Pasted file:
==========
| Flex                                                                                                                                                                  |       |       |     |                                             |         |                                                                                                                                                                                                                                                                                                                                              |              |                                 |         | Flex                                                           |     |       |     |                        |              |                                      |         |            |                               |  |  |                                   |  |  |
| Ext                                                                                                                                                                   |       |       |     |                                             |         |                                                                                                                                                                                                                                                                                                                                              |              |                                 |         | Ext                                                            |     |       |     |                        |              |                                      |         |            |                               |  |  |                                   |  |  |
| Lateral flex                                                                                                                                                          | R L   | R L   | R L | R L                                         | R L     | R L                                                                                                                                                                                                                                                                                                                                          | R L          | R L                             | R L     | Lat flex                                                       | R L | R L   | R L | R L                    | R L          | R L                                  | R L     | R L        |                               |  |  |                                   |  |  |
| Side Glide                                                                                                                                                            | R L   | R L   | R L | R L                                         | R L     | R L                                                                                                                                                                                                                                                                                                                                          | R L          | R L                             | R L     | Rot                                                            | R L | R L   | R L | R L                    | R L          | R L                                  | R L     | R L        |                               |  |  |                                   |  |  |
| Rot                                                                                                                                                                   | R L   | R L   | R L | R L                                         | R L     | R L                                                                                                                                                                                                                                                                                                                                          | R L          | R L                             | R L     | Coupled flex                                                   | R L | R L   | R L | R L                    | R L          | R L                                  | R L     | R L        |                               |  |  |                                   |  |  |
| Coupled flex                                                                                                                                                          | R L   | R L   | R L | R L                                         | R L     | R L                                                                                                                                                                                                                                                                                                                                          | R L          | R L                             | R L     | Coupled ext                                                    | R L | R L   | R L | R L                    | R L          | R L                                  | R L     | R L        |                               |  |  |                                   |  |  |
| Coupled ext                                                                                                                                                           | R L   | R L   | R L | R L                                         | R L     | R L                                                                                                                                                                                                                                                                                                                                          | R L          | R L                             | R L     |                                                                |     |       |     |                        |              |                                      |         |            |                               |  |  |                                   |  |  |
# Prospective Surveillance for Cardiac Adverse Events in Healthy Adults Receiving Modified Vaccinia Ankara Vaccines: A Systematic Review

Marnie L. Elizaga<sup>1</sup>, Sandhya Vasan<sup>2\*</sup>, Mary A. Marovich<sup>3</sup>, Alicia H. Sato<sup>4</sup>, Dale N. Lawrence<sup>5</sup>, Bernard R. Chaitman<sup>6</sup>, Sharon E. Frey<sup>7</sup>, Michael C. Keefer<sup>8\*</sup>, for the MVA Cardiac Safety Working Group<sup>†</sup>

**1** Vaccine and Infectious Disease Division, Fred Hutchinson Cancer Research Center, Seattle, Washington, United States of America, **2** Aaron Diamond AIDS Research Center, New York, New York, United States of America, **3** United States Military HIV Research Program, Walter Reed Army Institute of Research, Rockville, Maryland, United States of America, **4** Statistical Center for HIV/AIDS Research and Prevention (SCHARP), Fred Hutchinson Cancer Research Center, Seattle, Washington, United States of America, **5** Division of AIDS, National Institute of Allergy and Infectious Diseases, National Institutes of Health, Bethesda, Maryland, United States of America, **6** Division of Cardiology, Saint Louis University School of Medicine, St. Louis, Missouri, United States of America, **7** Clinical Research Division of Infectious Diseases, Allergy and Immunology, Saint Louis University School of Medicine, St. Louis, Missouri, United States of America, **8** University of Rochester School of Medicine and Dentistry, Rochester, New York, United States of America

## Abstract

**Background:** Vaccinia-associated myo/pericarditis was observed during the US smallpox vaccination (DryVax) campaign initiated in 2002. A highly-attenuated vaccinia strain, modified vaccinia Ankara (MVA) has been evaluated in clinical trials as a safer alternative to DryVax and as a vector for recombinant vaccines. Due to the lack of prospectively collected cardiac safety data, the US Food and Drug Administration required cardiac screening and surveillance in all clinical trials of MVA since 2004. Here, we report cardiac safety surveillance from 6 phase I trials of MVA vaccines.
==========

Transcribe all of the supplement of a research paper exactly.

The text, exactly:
| Flex                                                                                                                                                                  |       |       |     |                                             |         |                                                                                                                                                                                                                                                                                                                                              |              |                                 |         | Flex                                                           |     |       |     |                        |              |                                      |         |            |                               |  |  |                                   |  |  |
| Ext                                                                                                                                                                   |       |       |     |                                             |         |                                                                                                                                                                                                                                                                                                                                              |              |                                 |         | Ext                                                            |     |       |     |                        |              |                                      |         |            |                               |  |  |                                   |  |  |
| Lateral flex                                                                                                                                                          | R L   | R L   | R L | R L                                         | R L     | R L                                                                                                                                                                                                                                                                                                                                          | R L          | R L                             | R L     | Lat flex                                                       | R L | R L   | R L | R L                    | R L          | R L                                  | R L     | R L        |                               |  |  |                                   |  |  |
| Side Glide                                                                                                                                                            | R L   | R L   | R L | R L                                         | R L     | R L                                                                                                                                                                                                                                                                                                                                          | R L          | R L                             | R L     | Rot                                                            | R L | R L   | R L | R L                    | R L          | R L                                  | R L     | R L        |                               |  |  |                                   |  |  |
| Rot                                                                                                                                                                   | R L   | R L   | R L | R L                                         | R L     | R L                                                                                                                                                                                                                                                                                                                                          | R L          | R L                             | R L     | Coupled flex                                                   | R L | R L   | R L | R L                    | R L          | R L                                  | R L     | R L        |                               |  |  |                                   |  |  |
| Coupled flex                                                                                                                                                          | R L   | R L   | R L | R L                                         | R L     | R L                                                                                                                                                                                                                                                                                                                                          | R L          | R L                             | R L     | Coupled ext                                                    | R L | R L   | R L | R L                    | R L          | R L                                  | R L     | R L        |                               |  |  |                                   |  |  |
| Coupled ext                                                                                                                                                           | R L   | R L   | R L | R L                                         | R L     | R L                                                                                                                                                                                                                                                                                                                                          | R L          | R L                             | R L     |                                                                |     |       |     |                        |              |                                      |         |            |                               |  |  |                                   |  |  |
# Prospective Surveillance for Cardiac Adverse Events in Healthy Adults Receiving Modified Vaccinia Ankara Vaccines: A Systematic Review

Marnie L. Elizaga<sup>1</sup>, Sandhya Vasan<sup>2\*</sup>, Mary A. Marovich<sup>3</sup>, Alicia H. Sato<sup>4</sup>, Dale N. Lawrence<sup>5</sup>, Bernard R. Chaitman<sup>6</sup>, Sharon E. Frey<sup>7</sup>, Michael C. Keefer<sup>8\*</sup>, for the MVA Cardiac Safety Working Group<sup>†</sup>

**1** Vaccine and Infectious Disease Division, Fred Hutchinson Cancer Research Center, Seattle, Washington, United States of America, **2** Aaron Diamond AIDS Research Center, New York, New York, United States of America, **3** United States Military HIV Research Program, Walter Reed Army Institute of Research, Rockville, Maryland, United States of America, **4** Statistical Center for HIV/AIDS Research and Prevention (SCHARP), Fred Hutchinson Cancer Research Center, Seattle, Washington, United States of America, **5** Division of AIDS, National Institute of Allergy and Infectious Diseases, National Institutes of Health, Bethesda, Maryland, United States of America, **6** Division of Cardiology, Saint Louis University School of Medicine, St. Louis, Missouri, United States of America, **7** Clinical Research Division of Infectious Diseases, Allergy and Immunology, Saint Louis University School of Medicine, St. Louis, Missouri, United States of America, **8** University of Rochester School of Medicine and Dentistry, Rochester, New York, United States of America

## Abstract

**Background:** Vaccinia-associated myo/pericarditis was observed during the US smallpox vaccination (DryVax) campaign initiated in 2002. A highly-attenuated vaccinia strain, modified vaccinia Ankara (MVA) has been evaluated in clinical trials as a safer alternative to DryVax and as a vector for recombinant vaccines. Due to the lack of prospectively collected cardiac safety data, the US Food and Drug Administration required cardiac screening and surveillance in all clinical trials of MVA since 2004. Here, we report cardiac safety surveillance from 6 phase I trials of MVA vaccines.